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How To Use Your New Google Stadia Controller On Other Platforms

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Google Stadia may not be the fastest-growing of the gaming platforms right now but it does have a wealth of top-tier titles available and its dedicated controller is one of the best around. Better still, that controller can actually be used on other platforms. Including, for the time being, Android and iOS devices or computers.

Now, it’s already well known that on mobile platforms and even online, the Google Stadia controller can be used for Stadia itself. And it can even be used wirelessly on most of those. Since it syncs to the cloud rather than via Bluetooth for the service — one of Stadia’s biggest perks. But that’s not what we’re discussing here.

The Google Stadia controller brings more value to the table than that. Primarily because it can also be used on those platforms as an HID device. Put more succinctly, it can be used just like any other wired controller on those platforms, well beyond playing games on Google Stadia itself. Whether for a top, controller-supporting mobile game. Or for indie or triple-A PC games. And that is what this guide is here to discuss.

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So if you’re looking to get more out of your new — or old, for early adopters — Stadia controller, read on.

Here’s how to link up your Stadia controller with PC or Android platforms

Getting started linking up your Google Stadia controller on a different platform outside of the Stadia service is fairly straightforward. It relies primarily on the fact that the controllers are also “HID” devices.

That also means that not every Android, iOS, or PC title will properly support the controller. And some remapping, in-game, will likely be required depending on the title. Obviously, for mobile platforms, HID controller support will need to be in place, to begin with.

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  1. First, you’ll need the proper cable or adapter for your gadget
    1. If you’re playing on a PC, the USB-C to USB-A cable included with Stadia will work. Or you can use any other USB-C to USB-A cable. Since most PCs and laptops come with standard USB-A ports. Those are, for clarity, rectangular USB ports with no rounded edges. If your PC doesn’t have a USB-A port but utilizes USB-C instead, you’ll need a different cable. Specifically, one that goes from USB-C to whatever the input port on your machine is
    2. If you’re playing on a smartphone, tablet, or another gadget, you’ll need a cable that matches the input on that device. Most modern smartphones utilize USB-C but some still use micro USB. In the latter case, that’s the cable that ends with a rounded edge and a flat edge with two pointed prongs. USB-C, conversely, is a cable that ends in a rounded rectangle and can be inserted either way. So, for these gadgets, you’ll either need to find a good USB-C to USB-C cable or a good adapter from USB-A to USB-C. Or a good USB-C to micro USB cable or adapter. A cable will work better than an adapter because it reduces failure or accidental disconnect points and there are some great ones available for an affordable price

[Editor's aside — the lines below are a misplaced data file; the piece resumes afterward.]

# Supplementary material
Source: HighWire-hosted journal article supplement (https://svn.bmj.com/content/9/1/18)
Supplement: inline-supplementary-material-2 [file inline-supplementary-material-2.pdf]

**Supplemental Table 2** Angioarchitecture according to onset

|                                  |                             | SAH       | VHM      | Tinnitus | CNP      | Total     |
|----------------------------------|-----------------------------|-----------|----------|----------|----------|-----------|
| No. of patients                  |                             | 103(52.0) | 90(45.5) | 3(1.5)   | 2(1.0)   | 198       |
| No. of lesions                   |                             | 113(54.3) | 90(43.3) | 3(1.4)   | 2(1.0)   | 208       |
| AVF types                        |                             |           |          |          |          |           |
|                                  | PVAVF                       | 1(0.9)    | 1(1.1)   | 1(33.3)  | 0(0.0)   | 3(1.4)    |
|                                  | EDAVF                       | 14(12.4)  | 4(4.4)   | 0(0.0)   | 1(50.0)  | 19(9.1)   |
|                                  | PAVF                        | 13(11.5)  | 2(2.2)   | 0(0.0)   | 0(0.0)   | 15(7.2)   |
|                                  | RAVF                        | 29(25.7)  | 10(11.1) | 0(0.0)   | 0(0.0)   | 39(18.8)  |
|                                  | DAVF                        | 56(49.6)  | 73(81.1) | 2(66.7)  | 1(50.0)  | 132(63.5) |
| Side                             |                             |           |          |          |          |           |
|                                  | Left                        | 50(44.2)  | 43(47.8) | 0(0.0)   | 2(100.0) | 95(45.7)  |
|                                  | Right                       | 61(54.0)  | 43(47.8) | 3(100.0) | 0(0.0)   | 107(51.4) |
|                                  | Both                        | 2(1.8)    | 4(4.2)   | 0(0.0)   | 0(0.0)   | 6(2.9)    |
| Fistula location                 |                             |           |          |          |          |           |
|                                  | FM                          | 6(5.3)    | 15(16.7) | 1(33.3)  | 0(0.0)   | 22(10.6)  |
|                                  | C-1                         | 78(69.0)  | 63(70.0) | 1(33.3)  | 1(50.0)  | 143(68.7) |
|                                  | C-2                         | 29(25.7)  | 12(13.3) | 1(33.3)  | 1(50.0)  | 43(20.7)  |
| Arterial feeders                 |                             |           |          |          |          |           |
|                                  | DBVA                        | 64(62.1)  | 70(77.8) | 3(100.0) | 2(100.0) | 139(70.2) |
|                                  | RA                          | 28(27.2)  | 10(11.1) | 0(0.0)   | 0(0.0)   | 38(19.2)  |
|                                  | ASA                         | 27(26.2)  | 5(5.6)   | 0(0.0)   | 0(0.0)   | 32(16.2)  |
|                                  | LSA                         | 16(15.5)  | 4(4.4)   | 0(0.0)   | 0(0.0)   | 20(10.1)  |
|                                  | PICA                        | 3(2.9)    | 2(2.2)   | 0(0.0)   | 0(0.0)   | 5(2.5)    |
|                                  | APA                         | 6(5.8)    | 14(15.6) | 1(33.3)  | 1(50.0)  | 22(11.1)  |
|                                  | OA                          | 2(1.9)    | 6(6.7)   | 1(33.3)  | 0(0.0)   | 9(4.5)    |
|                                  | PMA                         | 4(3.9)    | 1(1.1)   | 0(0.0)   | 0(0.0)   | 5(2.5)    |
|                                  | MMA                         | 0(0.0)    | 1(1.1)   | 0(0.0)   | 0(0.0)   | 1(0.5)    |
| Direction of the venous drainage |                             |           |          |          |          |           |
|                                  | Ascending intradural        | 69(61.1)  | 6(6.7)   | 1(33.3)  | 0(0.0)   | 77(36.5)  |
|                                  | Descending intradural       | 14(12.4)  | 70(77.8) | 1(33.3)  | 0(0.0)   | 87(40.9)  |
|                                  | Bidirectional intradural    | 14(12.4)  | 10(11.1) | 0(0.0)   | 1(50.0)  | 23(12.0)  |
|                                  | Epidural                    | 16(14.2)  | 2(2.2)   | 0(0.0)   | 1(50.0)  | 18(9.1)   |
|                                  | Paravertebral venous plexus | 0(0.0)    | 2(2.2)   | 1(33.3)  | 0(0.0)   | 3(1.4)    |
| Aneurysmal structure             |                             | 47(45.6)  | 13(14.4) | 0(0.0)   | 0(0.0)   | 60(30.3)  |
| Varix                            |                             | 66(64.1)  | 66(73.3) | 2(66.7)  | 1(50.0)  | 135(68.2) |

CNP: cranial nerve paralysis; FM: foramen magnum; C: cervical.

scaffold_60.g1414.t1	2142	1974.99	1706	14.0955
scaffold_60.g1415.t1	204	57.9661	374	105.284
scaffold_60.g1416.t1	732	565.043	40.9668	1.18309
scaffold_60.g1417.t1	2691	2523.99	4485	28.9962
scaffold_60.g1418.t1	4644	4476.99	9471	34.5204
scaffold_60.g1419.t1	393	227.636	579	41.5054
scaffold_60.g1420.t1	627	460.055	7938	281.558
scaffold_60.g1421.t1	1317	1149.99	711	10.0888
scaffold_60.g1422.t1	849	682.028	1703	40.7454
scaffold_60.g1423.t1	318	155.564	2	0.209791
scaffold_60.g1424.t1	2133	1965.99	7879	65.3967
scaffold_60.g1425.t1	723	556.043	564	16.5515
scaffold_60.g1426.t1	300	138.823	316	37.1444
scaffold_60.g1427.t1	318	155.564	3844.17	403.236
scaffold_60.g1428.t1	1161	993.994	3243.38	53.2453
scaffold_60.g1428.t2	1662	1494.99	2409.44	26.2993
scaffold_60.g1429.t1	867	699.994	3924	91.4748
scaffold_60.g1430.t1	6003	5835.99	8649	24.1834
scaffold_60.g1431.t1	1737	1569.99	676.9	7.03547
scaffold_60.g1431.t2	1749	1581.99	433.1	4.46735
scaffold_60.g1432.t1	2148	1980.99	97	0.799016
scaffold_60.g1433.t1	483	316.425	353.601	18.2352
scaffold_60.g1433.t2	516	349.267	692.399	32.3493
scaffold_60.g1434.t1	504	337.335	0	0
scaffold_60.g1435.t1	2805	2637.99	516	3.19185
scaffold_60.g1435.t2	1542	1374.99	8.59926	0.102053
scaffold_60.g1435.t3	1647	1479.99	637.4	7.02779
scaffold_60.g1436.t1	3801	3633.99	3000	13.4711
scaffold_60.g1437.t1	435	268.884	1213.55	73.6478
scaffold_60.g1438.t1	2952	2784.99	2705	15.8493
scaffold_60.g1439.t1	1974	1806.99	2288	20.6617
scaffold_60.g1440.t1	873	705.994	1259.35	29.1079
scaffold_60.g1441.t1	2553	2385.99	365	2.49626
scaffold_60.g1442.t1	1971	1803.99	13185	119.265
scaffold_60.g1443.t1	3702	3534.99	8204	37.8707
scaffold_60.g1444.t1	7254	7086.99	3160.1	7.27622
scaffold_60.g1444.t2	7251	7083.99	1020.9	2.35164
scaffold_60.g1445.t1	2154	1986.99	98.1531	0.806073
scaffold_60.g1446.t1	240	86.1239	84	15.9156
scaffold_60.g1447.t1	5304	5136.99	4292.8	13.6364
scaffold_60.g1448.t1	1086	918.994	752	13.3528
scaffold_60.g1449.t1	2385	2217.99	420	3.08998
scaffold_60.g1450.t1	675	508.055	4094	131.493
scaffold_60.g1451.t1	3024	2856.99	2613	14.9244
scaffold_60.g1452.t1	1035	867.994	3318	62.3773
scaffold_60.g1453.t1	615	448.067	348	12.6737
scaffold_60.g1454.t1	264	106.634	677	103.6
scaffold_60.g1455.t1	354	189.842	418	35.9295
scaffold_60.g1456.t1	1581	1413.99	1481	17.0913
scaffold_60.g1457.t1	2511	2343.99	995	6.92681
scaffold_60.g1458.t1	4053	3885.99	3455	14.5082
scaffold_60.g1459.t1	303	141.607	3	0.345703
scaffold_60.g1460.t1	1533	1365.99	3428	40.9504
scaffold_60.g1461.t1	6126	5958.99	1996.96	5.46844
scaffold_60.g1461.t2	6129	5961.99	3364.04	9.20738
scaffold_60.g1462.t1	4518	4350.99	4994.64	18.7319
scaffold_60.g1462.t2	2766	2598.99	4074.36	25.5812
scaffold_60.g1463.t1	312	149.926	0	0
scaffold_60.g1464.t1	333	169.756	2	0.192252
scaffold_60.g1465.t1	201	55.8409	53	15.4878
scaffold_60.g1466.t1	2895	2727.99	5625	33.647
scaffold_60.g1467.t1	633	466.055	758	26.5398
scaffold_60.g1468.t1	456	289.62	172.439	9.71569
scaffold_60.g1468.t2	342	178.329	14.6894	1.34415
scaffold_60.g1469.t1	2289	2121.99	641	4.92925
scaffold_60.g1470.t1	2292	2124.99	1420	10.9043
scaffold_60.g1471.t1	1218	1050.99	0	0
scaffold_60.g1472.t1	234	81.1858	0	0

2. Once you’ve selected the right cable or adapter for your set-up, you’ll need to plug one end into your Stadia Controller. As shown in the images below, the end that goes into your controller will always be the USB-C end
  3. Next, connect the other end of your cable — our example uses a USB-C to USB-A cable for use with a Windows laptop — to the device that you’ll be gaming on. In our case, that’s a Windows 11 laptop made by Acer
  4. Launch your game and your controller should be recognized just like any other wired HID controller
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There are a few limitations …for now

As hinted above, there are a few limitations for this set-up process — as is always the case with how-to guides. Not least of all, there’s one set of platforms that the Google Stadia controller doesn’t seem to work on. At least not widely or without serious issues. Namely, that’s game consoles. So you can’t simply plug in your controller to play on the latest Xbox, Playstation, or Nintendo console.

That may or may not come as something of a letdown if that’s what you were hoping to accomplish here. But it does make quite a lot of sense. While Stadia’s top competitors are cloud gaming platforms, it wouldn’t make a lot of sense for the controller to work with its other competitors — consoles. But it does make sense for it to work with devices where Stadia is itself available. And as an HID, since not every device supported wireless play out-of-the-gate.

Google may open that up later on, or it may be on the console makers to allow that. Some controllers from other consoles do work with Stadia in a wired fashion — or wirelessly, in a few instances on a few platforms. But it doesn’t work for now and exactly who might be responsible isn’t clear either.

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